(Montel) The EU would need 30 GW of battery storage by 2030 to provide power system flexibility and security of supply, the head of power and gas markets at Rystad Energy told Montel.
But by 2050, that capacity is expected to grow exponentially to reach close to 400 GW amid the loss of baseload supply following the expected phase-out of coal and gas-fired plants and a growing share of more intermittent renewable energy sources, Carlos Torres-Diaz added, citing preliminary calculations.
Currently, high costs and limited technical performance – with large-scale batteries able to supply the power system for no more than 4 hours – are deterring investments in batteries.
“It’s essential to reduce costs and improve the technology” to see a stronger expansion in storage, he said.
While the role of energy storage is unquestionably crucial in the energy transition, a lot of uncertainty still surrounds the amount of storage needed to complement green power generation and help balance the power system.
The EU needs to set targets and offer incentives to encourage more investments in energy storage and batteries to underscore their key role in the energy transition, sector experts and lobbies said.
“Very specific targets on how much energy storage capacity is needed would definitely help the sector grow, as well as some kind of subsidy – like it has been done for renewables – to allow more investments,” Torres-Diaz said.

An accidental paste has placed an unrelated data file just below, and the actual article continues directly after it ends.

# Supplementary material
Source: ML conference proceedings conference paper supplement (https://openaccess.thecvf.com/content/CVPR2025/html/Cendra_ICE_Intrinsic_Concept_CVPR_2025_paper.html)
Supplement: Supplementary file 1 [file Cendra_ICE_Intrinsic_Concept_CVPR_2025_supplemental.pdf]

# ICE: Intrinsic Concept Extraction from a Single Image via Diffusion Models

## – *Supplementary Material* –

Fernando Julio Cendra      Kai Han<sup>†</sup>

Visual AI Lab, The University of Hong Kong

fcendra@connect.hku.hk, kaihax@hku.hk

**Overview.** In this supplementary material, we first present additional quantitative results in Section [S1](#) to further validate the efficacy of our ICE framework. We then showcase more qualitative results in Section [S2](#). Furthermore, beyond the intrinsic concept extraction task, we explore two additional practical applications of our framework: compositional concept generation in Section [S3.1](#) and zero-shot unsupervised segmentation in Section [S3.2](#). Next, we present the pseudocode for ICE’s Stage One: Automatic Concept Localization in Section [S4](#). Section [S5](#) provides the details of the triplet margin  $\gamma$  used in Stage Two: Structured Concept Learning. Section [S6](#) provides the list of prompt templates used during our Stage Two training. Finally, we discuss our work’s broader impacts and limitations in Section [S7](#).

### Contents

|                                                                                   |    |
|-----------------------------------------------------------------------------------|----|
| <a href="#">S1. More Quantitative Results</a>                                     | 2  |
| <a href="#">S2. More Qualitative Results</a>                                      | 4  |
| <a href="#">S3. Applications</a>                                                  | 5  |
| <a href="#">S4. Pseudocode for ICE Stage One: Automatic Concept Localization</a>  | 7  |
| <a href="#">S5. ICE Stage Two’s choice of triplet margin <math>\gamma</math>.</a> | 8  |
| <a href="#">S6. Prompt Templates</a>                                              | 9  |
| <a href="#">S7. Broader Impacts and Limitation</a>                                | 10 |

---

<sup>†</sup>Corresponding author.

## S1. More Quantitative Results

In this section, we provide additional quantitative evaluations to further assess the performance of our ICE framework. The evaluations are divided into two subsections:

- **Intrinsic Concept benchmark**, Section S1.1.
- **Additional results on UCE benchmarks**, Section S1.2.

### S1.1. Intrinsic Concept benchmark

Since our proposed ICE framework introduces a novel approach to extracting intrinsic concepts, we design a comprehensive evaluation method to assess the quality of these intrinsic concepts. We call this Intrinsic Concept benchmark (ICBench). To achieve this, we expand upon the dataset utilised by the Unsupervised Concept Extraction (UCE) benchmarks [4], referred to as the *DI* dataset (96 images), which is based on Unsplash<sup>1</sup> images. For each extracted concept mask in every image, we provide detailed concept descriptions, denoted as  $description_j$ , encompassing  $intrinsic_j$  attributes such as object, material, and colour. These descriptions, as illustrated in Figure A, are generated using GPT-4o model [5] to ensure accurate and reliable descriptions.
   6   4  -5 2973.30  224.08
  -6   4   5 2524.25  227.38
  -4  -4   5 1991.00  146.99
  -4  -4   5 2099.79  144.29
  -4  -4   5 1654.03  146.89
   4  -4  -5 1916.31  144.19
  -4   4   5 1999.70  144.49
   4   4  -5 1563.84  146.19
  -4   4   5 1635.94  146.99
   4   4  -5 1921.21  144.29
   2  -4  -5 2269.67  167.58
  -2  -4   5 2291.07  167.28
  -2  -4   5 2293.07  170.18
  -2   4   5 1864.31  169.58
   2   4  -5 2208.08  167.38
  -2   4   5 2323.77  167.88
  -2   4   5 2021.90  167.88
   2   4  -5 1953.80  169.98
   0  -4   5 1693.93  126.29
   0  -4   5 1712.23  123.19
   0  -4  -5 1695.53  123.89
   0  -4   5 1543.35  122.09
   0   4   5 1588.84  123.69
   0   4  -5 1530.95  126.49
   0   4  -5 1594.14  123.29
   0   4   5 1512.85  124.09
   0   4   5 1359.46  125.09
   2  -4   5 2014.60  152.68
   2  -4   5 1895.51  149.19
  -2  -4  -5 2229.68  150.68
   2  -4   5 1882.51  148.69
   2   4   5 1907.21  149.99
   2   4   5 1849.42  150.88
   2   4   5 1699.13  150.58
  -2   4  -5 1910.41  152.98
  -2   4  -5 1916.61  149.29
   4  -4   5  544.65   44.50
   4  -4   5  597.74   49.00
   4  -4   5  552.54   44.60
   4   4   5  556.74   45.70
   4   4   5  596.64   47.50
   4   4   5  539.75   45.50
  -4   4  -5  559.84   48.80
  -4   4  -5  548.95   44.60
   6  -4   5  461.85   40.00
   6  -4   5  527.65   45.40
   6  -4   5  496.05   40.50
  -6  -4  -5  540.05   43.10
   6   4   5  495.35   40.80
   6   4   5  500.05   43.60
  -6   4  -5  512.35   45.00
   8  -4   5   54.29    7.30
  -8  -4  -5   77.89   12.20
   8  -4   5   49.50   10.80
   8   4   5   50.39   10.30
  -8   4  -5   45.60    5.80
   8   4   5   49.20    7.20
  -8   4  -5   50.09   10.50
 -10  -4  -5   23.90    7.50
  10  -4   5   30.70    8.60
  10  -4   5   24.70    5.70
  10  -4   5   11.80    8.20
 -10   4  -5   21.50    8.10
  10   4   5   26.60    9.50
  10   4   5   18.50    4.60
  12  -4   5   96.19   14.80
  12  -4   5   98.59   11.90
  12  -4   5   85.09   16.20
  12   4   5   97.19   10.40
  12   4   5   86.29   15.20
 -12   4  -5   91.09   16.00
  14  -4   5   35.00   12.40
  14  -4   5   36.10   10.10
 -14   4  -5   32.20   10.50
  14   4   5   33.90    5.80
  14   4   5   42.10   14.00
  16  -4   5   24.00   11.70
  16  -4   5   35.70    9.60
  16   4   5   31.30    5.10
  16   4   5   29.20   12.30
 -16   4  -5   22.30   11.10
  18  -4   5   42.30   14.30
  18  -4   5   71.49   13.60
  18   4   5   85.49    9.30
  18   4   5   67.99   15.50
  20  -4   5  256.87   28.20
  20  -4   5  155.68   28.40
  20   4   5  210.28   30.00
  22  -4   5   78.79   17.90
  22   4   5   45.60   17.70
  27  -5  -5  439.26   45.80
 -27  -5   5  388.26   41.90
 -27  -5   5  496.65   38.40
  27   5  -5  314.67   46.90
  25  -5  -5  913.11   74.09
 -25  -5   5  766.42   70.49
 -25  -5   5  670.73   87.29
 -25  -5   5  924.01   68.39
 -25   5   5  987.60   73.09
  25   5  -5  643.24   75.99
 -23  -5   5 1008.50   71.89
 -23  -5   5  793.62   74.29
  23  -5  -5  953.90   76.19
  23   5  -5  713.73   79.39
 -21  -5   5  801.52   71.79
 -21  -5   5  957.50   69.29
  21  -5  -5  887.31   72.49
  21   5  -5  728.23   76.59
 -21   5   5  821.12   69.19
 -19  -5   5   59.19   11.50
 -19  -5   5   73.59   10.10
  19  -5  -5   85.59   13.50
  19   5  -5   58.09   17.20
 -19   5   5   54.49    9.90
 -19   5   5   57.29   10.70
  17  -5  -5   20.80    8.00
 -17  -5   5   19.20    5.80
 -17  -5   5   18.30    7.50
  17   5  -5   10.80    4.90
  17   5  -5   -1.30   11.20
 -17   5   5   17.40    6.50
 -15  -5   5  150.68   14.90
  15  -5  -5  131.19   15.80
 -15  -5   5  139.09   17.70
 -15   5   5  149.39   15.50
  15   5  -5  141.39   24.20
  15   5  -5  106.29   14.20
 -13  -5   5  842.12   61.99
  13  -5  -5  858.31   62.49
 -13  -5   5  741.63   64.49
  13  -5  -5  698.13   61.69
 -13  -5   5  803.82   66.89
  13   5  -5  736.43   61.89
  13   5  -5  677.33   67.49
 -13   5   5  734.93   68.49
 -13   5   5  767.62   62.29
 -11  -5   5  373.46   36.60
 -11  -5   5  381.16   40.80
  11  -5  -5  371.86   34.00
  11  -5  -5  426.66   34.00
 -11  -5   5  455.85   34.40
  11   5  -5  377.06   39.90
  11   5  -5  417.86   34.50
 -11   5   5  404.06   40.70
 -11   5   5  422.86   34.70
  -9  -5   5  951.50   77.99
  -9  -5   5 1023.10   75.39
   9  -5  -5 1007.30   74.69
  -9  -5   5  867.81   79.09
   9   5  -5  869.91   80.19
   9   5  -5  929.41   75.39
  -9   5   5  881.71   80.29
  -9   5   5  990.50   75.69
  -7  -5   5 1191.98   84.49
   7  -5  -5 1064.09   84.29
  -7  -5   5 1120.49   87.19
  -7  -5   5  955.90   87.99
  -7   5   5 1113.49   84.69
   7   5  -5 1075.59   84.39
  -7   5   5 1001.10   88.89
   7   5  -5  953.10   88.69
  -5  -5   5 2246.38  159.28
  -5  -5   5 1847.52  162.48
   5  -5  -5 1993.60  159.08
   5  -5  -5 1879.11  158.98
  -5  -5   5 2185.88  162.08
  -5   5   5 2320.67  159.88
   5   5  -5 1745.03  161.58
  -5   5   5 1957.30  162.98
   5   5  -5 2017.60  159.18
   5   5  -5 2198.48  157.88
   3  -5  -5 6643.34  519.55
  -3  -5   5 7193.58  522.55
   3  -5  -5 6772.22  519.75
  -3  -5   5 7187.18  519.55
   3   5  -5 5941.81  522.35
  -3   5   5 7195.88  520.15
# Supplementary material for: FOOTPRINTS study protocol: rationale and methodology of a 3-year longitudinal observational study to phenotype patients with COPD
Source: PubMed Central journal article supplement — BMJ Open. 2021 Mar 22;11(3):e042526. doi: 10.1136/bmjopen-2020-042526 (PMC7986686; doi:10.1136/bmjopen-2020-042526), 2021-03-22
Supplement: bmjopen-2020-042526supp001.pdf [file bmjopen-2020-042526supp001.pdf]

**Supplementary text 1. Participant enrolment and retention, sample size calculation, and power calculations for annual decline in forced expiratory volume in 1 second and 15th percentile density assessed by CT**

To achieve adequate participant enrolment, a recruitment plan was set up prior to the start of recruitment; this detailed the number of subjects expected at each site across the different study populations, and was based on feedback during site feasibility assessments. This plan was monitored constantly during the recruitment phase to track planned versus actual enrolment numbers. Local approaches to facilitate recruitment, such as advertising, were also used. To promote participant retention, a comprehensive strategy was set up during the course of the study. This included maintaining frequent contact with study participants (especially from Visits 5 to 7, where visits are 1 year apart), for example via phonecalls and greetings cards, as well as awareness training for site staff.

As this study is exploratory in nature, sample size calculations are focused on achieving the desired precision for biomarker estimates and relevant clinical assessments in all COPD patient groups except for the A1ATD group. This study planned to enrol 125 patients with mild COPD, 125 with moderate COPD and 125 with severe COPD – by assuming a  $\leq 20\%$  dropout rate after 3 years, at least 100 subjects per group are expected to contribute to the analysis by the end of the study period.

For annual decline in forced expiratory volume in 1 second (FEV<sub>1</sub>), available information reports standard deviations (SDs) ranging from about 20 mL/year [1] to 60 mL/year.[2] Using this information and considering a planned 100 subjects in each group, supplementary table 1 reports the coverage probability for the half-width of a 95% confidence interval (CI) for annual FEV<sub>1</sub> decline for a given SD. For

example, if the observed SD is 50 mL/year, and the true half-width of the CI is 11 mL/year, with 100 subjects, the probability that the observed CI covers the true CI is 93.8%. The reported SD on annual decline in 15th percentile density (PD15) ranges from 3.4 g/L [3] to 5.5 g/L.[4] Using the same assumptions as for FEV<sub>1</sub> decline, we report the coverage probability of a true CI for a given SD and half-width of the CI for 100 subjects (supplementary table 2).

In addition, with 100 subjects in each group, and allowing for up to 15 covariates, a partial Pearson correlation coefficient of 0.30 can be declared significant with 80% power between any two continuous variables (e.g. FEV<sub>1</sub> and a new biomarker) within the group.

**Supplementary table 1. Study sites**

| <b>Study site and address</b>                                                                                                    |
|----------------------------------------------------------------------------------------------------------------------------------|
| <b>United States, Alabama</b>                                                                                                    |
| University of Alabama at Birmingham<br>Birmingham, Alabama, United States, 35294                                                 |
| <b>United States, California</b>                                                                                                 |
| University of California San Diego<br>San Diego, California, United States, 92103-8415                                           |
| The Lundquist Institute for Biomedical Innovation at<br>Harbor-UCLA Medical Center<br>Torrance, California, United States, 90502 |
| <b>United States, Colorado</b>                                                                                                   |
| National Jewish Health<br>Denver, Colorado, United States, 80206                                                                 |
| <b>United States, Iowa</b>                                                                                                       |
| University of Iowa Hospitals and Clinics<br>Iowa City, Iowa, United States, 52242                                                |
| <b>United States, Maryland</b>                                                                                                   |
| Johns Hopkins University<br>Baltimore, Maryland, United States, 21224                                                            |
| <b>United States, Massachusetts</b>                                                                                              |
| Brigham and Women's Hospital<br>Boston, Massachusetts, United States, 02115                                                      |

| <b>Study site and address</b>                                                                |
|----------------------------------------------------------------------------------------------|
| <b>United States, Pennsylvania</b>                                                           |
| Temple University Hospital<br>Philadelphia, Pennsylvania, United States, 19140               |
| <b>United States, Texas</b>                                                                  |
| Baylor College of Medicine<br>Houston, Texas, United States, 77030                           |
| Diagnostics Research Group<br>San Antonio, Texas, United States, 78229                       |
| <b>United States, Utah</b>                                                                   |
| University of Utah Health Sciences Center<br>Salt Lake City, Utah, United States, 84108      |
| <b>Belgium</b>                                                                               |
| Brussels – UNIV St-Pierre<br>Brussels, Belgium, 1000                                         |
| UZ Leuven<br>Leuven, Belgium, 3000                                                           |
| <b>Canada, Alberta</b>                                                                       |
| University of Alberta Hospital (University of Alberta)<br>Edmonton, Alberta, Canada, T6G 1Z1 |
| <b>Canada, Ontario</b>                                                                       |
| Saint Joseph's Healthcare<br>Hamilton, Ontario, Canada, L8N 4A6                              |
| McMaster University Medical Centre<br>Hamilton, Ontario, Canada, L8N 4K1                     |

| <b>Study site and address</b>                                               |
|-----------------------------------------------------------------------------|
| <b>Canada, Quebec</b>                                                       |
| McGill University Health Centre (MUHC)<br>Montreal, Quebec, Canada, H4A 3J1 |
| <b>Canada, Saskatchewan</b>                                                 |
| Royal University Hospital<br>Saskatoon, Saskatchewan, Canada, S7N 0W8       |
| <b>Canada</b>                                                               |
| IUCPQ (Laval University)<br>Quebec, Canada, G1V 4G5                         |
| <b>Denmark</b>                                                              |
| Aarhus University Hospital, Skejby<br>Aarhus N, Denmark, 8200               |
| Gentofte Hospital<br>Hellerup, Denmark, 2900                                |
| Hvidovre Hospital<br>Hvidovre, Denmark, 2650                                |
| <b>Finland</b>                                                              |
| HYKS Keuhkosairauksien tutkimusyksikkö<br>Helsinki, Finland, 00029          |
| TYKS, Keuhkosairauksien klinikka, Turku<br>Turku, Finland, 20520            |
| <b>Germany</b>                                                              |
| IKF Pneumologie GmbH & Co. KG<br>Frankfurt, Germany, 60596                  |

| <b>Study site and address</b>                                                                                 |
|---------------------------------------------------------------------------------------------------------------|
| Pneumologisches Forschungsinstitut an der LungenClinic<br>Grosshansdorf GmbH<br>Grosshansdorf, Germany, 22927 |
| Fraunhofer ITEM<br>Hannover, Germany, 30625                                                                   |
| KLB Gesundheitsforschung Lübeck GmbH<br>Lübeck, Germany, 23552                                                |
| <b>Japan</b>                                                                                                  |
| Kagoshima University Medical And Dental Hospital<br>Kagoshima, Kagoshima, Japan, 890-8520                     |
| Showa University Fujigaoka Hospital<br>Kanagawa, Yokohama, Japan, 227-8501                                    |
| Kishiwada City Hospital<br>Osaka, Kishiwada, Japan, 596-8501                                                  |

Time for targets
“It is time for EU policymakers to consider defining energy storage deployment targets, to complement renewable energy targets,” said Patrick Clerens, secretary general at the European Association for Storage for Energy (Ease).
In a study published last year, the EU proposed a set of recommendations to update the regulatory framework which applies to energy storage technologies.
By 2030, up to 108 GW of electricity storage – including pumped storage and stationary batteries – would be necessary across Europe, it said. In 2020, the European storage capacity amounted to 40 GW. Those are not binding targets, Ease said.
The European Commission’s proposal to update the EU’s renewables directive, which also includes energy storage technologies, is expected on 14 July as part of its Fit for 55 package.
“These numbers are likely significant underestimates, since the modelling is not adapted to the new 2030 renewable energy target,” said Clerens. He added that most recovery and resilience plans (RRPs) by EU state members do not define energy storage targets.
According to Ease, the EC estimates that EUR 100bn-EUR 300bn are needed to finance new energy storage systems in the EU up to 2050.
But Clerens argues that “only a small amount” of the estimated EUR 75bn set aside for clean energy in the European RRPs is going to storage.